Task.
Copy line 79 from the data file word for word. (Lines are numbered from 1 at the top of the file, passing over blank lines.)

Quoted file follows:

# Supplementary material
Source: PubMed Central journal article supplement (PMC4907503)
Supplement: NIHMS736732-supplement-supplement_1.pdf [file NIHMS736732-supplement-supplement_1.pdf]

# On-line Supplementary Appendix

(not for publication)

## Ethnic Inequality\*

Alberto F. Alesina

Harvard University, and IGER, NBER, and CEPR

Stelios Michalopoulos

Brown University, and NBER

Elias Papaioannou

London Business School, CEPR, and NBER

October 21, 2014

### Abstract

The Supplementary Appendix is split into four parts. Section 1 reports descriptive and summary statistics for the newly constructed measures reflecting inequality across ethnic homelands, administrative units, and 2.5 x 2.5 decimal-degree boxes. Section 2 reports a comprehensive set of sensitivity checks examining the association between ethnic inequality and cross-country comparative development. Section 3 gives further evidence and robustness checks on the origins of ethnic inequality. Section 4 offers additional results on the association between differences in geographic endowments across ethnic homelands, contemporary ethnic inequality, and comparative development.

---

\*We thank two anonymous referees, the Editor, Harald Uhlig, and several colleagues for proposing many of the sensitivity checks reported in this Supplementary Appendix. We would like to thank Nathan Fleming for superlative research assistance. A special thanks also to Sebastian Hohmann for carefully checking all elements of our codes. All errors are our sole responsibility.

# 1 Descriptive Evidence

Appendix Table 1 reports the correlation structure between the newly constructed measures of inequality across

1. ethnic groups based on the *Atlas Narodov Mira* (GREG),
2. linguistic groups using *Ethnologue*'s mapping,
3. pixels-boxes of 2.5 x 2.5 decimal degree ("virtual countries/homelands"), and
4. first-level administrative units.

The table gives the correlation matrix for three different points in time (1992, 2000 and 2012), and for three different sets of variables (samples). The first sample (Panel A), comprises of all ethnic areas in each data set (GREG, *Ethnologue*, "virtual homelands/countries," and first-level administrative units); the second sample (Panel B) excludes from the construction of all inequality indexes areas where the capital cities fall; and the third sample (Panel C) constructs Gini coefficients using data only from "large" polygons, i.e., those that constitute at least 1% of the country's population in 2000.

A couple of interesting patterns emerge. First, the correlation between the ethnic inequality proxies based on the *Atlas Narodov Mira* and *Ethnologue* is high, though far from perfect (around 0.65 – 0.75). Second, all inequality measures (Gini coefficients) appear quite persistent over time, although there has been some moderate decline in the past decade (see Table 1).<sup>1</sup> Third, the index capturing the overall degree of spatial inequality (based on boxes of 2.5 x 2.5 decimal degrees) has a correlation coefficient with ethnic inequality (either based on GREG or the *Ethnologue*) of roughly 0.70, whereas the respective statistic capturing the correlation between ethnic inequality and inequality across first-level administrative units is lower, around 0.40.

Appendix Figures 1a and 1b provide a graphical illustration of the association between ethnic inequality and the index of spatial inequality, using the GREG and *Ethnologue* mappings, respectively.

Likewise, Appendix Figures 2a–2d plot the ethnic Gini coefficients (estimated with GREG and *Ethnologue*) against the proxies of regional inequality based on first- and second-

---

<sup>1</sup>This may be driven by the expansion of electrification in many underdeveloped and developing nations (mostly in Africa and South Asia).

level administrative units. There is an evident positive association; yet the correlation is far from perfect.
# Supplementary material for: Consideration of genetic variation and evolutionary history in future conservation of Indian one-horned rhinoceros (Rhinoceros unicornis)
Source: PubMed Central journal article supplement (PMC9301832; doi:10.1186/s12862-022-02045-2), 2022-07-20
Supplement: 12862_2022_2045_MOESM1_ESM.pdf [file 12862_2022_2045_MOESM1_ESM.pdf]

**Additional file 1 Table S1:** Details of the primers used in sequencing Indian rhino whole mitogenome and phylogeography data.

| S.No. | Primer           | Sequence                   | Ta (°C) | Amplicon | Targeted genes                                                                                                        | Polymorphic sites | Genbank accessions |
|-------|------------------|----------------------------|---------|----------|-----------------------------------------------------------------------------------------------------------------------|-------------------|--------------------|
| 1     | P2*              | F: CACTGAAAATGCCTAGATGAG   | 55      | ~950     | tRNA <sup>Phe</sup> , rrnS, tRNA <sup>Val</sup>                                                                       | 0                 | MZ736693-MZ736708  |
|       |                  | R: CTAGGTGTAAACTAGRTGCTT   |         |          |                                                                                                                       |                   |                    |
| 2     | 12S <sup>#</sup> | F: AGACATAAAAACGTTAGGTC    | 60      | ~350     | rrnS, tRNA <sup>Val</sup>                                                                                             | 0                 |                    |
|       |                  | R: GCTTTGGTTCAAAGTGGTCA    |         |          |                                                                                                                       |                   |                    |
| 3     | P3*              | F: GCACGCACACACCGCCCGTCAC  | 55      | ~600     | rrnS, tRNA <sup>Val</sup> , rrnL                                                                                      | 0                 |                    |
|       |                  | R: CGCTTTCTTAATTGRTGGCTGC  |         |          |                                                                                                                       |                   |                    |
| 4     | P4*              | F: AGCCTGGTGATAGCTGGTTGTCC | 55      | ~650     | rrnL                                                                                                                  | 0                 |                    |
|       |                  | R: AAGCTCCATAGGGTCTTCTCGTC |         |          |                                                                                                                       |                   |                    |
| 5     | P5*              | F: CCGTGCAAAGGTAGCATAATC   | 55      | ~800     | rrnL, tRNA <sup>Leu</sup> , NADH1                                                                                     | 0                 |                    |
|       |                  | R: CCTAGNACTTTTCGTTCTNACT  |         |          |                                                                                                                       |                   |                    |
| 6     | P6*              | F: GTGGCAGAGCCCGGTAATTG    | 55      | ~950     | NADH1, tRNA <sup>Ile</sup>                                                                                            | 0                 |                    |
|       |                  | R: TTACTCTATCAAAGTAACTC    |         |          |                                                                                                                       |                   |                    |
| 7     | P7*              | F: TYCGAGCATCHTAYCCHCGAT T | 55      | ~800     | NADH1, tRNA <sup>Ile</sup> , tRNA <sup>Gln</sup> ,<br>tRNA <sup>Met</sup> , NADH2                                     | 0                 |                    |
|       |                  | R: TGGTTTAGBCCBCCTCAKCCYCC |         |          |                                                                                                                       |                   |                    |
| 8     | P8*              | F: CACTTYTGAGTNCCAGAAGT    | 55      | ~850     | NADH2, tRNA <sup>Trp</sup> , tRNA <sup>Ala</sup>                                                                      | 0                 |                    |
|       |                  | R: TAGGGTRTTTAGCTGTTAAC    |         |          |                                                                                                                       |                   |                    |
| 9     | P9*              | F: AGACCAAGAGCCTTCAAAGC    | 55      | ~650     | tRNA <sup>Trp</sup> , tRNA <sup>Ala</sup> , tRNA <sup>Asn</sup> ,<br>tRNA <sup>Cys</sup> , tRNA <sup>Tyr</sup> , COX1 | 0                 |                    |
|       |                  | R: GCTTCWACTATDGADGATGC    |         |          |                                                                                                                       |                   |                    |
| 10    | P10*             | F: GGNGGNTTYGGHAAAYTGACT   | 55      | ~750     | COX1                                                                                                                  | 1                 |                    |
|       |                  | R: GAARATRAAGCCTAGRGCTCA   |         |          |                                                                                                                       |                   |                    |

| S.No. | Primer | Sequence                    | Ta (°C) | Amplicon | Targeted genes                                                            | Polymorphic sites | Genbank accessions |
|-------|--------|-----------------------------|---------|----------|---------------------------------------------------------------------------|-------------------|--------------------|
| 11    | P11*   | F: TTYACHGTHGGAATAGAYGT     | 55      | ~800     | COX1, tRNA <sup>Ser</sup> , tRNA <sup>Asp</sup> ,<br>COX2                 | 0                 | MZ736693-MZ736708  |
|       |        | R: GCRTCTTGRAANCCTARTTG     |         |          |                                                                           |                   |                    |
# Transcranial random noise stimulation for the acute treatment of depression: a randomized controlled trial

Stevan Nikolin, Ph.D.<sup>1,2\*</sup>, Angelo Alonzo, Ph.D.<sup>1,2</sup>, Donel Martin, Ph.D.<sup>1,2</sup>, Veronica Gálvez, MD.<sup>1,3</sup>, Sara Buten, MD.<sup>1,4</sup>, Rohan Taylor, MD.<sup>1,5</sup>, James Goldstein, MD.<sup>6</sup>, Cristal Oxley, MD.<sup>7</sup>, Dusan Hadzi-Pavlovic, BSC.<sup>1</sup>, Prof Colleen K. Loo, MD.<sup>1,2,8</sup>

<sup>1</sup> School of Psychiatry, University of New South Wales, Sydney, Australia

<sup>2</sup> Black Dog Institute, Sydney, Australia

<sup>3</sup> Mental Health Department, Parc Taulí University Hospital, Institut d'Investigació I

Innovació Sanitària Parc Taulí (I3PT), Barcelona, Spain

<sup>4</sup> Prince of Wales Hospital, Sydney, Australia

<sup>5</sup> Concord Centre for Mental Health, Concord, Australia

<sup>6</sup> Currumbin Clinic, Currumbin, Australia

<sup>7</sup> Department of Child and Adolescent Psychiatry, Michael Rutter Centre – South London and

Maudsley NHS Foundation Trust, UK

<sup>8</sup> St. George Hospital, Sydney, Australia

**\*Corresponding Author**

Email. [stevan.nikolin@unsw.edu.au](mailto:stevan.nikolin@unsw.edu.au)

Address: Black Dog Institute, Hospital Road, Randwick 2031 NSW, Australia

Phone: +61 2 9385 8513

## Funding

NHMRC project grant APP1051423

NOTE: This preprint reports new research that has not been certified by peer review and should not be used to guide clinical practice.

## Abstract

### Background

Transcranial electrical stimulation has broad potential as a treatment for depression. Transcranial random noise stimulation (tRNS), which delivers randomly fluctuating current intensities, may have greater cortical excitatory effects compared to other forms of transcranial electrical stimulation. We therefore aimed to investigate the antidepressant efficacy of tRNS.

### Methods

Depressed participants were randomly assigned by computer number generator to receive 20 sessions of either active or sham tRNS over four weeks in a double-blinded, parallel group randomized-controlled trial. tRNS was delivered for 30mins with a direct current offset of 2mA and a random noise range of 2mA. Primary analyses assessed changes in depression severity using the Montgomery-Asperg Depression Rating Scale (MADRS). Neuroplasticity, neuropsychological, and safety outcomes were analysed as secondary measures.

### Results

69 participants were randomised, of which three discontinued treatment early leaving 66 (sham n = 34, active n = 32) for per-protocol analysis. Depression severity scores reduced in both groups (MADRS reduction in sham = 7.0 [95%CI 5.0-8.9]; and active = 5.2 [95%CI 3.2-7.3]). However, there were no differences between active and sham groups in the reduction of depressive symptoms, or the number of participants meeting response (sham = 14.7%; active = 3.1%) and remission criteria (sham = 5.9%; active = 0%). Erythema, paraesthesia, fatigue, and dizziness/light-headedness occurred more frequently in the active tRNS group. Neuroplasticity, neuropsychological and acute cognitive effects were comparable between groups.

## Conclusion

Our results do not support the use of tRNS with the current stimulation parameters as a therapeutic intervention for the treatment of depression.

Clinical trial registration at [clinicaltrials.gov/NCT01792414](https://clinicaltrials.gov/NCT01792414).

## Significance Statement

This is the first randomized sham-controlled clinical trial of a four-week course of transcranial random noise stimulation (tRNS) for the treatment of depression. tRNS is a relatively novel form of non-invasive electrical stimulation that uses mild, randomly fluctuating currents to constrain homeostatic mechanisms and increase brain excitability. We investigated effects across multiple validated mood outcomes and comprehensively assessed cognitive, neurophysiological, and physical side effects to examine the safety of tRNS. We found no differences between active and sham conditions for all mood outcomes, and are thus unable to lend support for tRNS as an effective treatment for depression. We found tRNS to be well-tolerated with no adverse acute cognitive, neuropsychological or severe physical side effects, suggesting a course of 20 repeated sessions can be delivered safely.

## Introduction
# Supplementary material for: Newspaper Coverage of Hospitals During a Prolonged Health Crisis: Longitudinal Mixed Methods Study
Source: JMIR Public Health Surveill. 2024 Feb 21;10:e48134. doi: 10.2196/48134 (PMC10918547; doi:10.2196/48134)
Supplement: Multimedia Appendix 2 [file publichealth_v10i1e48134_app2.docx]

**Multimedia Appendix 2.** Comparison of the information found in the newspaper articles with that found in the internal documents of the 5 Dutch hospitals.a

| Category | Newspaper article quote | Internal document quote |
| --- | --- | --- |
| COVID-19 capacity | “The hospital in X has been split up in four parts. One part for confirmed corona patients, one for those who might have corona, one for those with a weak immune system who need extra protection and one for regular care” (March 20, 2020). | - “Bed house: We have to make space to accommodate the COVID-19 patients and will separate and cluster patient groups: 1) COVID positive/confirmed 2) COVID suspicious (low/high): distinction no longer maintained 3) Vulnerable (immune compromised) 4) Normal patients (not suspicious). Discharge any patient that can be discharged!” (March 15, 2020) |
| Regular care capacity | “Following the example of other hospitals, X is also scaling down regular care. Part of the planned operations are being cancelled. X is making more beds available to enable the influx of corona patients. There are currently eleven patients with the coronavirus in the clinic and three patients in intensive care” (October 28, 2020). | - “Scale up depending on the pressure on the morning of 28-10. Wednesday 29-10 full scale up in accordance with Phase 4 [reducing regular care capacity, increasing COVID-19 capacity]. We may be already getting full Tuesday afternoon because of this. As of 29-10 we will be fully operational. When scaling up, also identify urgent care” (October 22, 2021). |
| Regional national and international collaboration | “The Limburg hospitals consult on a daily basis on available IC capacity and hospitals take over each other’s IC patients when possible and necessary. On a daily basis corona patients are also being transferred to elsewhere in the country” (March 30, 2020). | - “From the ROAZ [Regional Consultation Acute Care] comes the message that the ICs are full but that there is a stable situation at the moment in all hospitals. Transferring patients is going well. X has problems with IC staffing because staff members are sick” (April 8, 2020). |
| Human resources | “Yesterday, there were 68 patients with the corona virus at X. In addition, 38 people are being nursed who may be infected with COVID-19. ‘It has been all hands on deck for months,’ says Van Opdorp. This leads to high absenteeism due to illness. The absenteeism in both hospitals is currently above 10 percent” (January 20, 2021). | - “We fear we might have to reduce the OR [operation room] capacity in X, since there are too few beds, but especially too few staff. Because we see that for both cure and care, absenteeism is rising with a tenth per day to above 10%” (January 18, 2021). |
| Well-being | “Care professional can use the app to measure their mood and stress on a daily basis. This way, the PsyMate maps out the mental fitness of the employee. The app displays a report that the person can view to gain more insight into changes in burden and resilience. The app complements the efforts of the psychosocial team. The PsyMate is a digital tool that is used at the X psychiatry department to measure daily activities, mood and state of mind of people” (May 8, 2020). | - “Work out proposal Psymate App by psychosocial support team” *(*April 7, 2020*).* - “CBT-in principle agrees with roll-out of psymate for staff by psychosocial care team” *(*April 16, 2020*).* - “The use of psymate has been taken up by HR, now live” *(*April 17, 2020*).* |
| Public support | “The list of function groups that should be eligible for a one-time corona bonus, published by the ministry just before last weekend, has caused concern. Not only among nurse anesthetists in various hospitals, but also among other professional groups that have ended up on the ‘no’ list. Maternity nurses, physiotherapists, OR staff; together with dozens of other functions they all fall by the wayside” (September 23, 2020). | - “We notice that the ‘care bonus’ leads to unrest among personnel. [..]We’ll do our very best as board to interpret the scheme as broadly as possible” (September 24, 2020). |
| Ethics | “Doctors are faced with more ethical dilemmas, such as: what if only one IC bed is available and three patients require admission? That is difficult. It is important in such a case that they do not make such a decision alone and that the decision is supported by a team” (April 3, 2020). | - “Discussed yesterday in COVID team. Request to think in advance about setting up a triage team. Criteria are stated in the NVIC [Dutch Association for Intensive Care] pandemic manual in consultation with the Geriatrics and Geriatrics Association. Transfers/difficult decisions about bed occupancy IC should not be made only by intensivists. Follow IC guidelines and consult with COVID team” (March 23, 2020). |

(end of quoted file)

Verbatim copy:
NOTE: This preprint reports new research that has not been certified by peer review and should not be used to guide clinical practice.